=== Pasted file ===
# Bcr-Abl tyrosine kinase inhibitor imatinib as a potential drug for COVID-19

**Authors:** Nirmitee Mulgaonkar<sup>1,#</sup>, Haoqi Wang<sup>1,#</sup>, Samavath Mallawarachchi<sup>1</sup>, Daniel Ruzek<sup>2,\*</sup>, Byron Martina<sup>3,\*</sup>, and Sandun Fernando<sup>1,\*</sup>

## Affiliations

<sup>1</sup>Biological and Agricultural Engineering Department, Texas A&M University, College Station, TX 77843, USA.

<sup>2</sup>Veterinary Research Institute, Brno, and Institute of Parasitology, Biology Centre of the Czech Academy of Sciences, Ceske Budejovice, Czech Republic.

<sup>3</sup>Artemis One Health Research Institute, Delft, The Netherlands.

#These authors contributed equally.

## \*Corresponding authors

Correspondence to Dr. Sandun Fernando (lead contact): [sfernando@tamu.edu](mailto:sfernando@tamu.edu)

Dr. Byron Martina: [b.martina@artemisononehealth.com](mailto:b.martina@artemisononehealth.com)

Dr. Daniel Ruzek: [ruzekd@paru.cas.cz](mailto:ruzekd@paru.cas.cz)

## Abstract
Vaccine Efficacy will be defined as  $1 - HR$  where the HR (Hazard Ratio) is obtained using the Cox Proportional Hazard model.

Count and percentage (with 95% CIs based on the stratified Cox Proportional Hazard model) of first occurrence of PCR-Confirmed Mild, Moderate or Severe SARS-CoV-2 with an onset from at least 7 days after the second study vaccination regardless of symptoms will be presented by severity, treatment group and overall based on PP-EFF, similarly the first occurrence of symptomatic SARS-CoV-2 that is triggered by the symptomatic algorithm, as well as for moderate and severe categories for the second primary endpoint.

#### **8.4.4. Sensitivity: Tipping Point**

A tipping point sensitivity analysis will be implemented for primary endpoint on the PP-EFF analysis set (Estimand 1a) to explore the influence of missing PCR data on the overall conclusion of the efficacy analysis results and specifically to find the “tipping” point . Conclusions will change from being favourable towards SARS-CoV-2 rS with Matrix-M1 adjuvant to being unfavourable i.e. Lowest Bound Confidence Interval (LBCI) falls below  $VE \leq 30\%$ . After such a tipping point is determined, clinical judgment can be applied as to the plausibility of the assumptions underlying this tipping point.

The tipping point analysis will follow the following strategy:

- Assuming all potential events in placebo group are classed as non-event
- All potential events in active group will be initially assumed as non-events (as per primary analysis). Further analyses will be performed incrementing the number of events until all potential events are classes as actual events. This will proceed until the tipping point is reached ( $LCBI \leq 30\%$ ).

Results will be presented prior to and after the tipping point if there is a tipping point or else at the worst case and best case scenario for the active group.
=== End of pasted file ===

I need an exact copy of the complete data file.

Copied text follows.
# Bcr-Abl tyrosine kinase inhibitor imatinib as a potential drug for COVID-19

**Authors:** Nirmitee Mulgaonkar<sup>1,#</sup>, Haoqi Wang<sup>1,#</sup>, Samavath Mallawarachchi<sup>1</sup>, Daniel Ruzek<sup>2,\*</sup>, Byron Martina<sup>3,\*</sup>, and Sandun Fernando<sup>1,\*</sup>

## Affiliations

<sup>1</sup>Biological and Agricultural Engineering Department, Texas A&M University, College Station, TX 77843, USA.

<sup>2</sup>Veterinary Research Institute, Brno, and Institute of Parasitology, Biology Centre of the Czech Academy of Sciences, Ceske Budejovice, Czech Republic.

<sup>3</sup>Artemis One Health Research Institute, Delft, The Netherlands.

#These authors contributed equally.

## \*Corresponding authors

Correspondence to Dr. Sandun Fernando (lead contact): [sfernando@tamu.edu](mailto:sfernando@tamu.edu)

Dr. Byron Martina: [b.martina@artemisononehealth.com](mailto:b.martina@artemisononehealth.com)

Dr. Daniel Ruzek: [ruzekd@paru.cas.cz](mailto:ruzekd@paru.cas.cz)

## Abstract
Vaccine Efficacy will be defined as  $1 - HR$  where the HR (Hazard Ratio) is obtained using the Cox Proportional Hazard model.

Count and percentage (with 95% CIs based on the stratified Cox Proportional Hazard model) of first occurrence of PCR-Confirmed Mild, Moderate or Severe SARS-CoV-2 with an onset from at least 7 days after the second study vaccination regardless of symptoms will be presented by severity, treatment group and overall based on PP-EFF, similarly the first occurrence of symptomatic SARS-CoV-2 that is triggered by the symptomatic algorithm, as well as for moderate and severe categories for the second primary endpoint.

#### **8.4.4. Sensitivity: Tipping Point**

A tipping point sensitivity analysis will be implemented for primary endpoint on the PP-EFF analysis set (Estimand 1a) to explore the influence of missing PCR data on the overall conclusion of the efficacy analysis results and specifically to find the “tipping” point . Conclusions will change from being favourable towards SARS-CoV-2 rS with Matrix-M1 adjuvant to being unfavourable i.e. Lowest Bound Confidence Interval (LBCI) falls below  $VE \leq 30\%$ . After such a tipping point is determined, clinical judgment can be applied as to the plausibility of the assumptions underlying this tipping point.

The tipping point analysis will follow the following strategy:

- Assuming all potential events in placebo group are classed as non-event
- All potential events in active group will be initially assumed as non-events (as per primary analysis). Further analyses will be performed incrementing the number of events until all potential events are classes as actual events. This will proceed until the tipping point is reached ( $LCBI \leq 30\%$ ).

Results will be presented prior to and after the tipping point if there is a tipping point or else at the worst case and best case scenario for the active group.